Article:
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Texas Style Angus Brisket - Salt & Pepper, Low & Slow

Texas Style Angus Brisket

Have you ever stood in line to eat badass Texas-style Angus brisket and wonder if it was possible to make it at home? Well you in luck not only did we knock out some killer Salt & Pepper Brisket but we did it low and slow, the way it’s supposed to be cooked.

What you’ll need

  • Beef Brisket
  • Salt & pepper
  • Butchers paper (or aluminum foil)
  • A cold one or two to drink while waiting

The Prep

Now cooking a beef brisket - even an Angus brisket - is not as hard as some will make you think. You can do it too! If you prepare the cook correctly and know your pit well, you can start right away. Having said that, here are some things to take care of before firing up the smoker.

First, clean the pit. This is going to be a long cook, and you want to do it under the best conditions possible.

 Next, trim the brisket. Remove the silverskin and trim down any excess fat that won’t render down during cooking. Especially when dealing with higher grade beef, the marbling on the inside is going to give the meat more than enough flavor. Make sure to round up any sharp corners on the brisket, since those will easily burn during the cook.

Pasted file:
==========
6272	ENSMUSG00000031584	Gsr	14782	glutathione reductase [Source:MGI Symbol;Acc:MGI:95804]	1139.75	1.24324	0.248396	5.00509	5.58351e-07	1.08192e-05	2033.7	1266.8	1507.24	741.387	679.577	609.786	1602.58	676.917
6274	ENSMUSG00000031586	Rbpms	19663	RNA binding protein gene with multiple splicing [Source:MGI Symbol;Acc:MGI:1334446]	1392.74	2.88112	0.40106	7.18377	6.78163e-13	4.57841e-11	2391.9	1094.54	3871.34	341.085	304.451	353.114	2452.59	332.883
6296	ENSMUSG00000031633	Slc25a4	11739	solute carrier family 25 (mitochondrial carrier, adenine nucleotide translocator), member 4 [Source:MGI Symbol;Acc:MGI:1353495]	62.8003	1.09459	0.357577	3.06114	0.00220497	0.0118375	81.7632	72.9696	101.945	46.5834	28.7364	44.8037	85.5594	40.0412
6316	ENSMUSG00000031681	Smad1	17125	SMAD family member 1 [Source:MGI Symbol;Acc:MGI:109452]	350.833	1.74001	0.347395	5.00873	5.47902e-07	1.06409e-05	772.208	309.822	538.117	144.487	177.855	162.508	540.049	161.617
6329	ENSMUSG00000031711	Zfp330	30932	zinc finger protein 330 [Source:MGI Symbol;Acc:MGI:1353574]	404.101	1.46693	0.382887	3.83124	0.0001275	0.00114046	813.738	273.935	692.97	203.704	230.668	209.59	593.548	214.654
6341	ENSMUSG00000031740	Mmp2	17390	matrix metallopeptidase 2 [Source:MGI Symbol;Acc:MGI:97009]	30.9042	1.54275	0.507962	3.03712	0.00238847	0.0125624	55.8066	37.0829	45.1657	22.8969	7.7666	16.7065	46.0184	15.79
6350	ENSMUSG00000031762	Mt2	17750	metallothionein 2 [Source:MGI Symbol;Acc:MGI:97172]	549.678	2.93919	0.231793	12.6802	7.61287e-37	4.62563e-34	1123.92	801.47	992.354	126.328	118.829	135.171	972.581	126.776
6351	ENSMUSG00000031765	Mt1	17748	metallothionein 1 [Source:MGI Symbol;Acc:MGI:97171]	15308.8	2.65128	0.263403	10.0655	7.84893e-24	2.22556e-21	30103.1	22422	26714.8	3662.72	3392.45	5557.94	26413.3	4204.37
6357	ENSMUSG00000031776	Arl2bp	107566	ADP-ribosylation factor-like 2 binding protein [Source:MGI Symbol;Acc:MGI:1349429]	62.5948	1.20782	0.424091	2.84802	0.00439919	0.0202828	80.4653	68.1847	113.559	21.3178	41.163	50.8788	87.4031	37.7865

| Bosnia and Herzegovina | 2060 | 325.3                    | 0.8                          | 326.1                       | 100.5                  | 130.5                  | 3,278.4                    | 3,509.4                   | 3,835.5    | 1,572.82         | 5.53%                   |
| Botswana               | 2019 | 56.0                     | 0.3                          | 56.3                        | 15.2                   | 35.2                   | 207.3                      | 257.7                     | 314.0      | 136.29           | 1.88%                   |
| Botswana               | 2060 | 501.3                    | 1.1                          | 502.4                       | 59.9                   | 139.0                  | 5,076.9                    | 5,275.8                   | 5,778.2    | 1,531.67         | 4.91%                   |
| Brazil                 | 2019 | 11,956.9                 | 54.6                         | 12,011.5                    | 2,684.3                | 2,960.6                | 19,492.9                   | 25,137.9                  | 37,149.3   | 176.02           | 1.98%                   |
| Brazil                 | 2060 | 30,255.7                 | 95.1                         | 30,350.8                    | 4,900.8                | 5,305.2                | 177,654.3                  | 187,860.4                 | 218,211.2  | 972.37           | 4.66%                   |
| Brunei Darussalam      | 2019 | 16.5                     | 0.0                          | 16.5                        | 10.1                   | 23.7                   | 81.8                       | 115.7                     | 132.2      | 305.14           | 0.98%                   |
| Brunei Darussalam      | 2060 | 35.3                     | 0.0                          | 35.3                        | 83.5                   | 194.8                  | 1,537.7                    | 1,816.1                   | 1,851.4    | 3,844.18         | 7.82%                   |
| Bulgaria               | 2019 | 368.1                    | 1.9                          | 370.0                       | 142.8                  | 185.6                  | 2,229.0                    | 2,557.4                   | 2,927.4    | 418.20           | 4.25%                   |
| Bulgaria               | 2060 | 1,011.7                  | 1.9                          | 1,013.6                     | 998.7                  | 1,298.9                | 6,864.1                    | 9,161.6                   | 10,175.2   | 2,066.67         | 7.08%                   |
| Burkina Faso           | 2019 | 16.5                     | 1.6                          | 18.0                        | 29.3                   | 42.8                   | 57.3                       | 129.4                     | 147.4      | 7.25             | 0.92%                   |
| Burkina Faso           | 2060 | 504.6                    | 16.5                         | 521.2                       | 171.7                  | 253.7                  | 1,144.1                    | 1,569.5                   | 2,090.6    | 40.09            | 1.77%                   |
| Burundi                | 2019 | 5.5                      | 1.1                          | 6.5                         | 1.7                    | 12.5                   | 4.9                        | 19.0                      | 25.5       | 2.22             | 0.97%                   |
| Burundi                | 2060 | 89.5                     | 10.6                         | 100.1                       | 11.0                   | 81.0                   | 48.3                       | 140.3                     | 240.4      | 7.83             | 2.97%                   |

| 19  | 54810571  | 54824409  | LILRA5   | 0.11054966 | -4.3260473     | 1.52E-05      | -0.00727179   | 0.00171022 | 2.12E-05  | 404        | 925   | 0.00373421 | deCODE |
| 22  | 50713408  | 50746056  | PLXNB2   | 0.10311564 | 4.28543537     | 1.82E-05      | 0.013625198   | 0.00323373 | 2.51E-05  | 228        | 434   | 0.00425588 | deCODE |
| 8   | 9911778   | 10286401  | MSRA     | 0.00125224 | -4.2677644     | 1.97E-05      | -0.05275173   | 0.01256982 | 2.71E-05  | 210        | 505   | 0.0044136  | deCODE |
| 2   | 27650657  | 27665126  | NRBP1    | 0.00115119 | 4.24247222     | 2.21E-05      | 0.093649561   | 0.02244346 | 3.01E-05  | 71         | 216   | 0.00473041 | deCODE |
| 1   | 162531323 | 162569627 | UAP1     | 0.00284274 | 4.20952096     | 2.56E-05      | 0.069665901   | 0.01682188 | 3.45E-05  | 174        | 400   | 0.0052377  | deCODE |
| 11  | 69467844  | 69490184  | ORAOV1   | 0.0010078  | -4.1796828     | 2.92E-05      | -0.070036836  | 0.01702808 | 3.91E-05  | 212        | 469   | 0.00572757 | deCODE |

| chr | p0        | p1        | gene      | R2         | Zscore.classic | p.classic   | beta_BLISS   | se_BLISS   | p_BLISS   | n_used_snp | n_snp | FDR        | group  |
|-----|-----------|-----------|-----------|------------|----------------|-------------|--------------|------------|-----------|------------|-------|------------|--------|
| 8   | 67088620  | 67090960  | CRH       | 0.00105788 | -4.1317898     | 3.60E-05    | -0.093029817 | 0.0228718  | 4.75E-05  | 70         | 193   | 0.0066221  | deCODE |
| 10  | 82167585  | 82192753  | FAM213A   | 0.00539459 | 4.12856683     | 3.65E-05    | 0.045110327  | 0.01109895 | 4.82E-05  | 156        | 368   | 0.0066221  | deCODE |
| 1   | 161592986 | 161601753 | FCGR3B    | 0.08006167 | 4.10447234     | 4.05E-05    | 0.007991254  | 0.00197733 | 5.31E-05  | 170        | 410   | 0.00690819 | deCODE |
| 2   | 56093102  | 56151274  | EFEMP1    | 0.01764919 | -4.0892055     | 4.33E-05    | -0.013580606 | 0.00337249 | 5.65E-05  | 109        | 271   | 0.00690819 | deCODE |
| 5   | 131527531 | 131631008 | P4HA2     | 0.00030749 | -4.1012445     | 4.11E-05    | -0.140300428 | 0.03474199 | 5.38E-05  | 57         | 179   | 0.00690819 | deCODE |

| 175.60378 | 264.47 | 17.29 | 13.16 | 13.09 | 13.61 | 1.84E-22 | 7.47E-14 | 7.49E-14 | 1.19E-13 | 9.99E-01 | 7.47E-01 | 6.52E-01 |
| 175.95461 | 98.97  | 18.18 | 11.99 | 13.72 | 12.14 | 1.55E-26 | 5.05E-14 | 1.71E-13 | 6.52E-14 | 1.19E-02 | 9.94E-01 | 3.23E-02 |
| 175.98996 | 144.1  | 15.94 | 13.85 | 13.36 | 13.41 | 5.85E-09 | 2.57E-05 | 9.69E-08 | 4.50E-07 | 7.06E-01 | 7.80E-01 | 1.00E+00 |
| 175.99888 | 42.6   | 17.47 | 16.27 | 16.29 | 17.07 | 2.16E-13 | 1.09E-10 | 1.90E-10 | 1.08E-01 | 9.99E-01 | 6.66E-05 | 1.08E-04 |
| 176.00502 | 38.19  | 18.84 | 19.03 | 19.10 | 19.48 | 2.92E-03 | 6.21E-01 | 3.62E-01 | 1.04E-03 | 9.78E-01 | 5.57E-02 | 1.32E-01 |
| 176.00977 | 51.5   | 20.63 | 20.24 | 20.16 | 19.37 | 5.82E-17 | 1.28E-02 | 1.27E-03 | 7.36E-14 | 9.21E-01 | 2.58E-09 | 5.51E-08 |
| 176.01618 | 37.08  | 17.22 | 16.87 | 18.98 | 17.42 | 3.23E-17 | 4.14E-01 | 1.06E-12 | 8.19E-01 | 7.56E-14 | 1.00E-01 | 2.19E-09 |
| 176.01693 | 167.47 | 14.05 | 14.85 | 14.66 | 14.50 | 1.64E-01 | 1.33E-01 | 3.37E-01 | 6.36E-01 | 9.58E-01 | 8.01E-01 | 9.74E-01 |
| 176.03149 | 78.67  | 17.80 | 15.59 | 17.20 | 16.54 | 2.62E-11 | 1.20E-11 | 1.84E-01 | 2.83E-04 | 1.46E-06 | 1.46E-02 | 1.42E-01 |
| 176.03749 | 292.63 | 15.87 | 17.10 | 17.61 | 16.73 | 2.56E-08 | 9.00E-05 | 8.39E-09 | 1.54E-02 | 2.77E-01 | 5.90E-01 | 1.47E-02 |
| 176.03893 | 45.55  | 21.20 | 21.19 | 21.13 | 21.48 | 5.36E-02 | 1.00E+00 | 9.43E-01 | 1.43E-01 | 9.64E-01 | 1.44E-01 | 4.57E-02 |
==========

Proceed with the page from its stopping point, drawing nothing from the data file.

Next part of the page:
Finally, season the meat. We did a Texas-style Angus brisket, so it was straight salt and pepper on that. But feel free to be creative and experiment. After all, BBQ is about doing what you enjoy.

The Cook

Time to get those coals red-hot. Once you have a healthy coal bed and enough fuel to last a few hours, adjust your smoker for low and slow. You want to keep the cooking temp around 250ºF (121ºC). Add some smoke wood, and when that’s all set, place the beef brisket over indirect heat.

Some will ask, what’s the benefit to cooking low ’n’ slow? Is the extra time really worth it? The answer is that it truly depends on what you want.

Cooking slower means you get more of that smoky flavor, and in the case of Angus beef or others of that grade, it gives time to the marbling inside to render down. But cooking hot & fast means you’ll be eating a LOT sooner, so do what you like!

Let the briskets soak up the heat until the color looks right, then it’s time to move on to the next step.

Now, once you get the color right (the bark should be dark, almost black), go ahead and wrap them. You can use either butcher's paper or aluminum foil. There’s a whole debate about that, and the bottom line is you can use whichever you think is best. I used butcher's paper on this cook.

The Payoff

Put the wrapped Texas-style Angus briskets back on the cooker. Start monitoring internal temperature, and pull them right when they hit 203ºF (95ºC). Open up the paper or foil to let the meat steam and stop the cooking process, then rest before carving into it.



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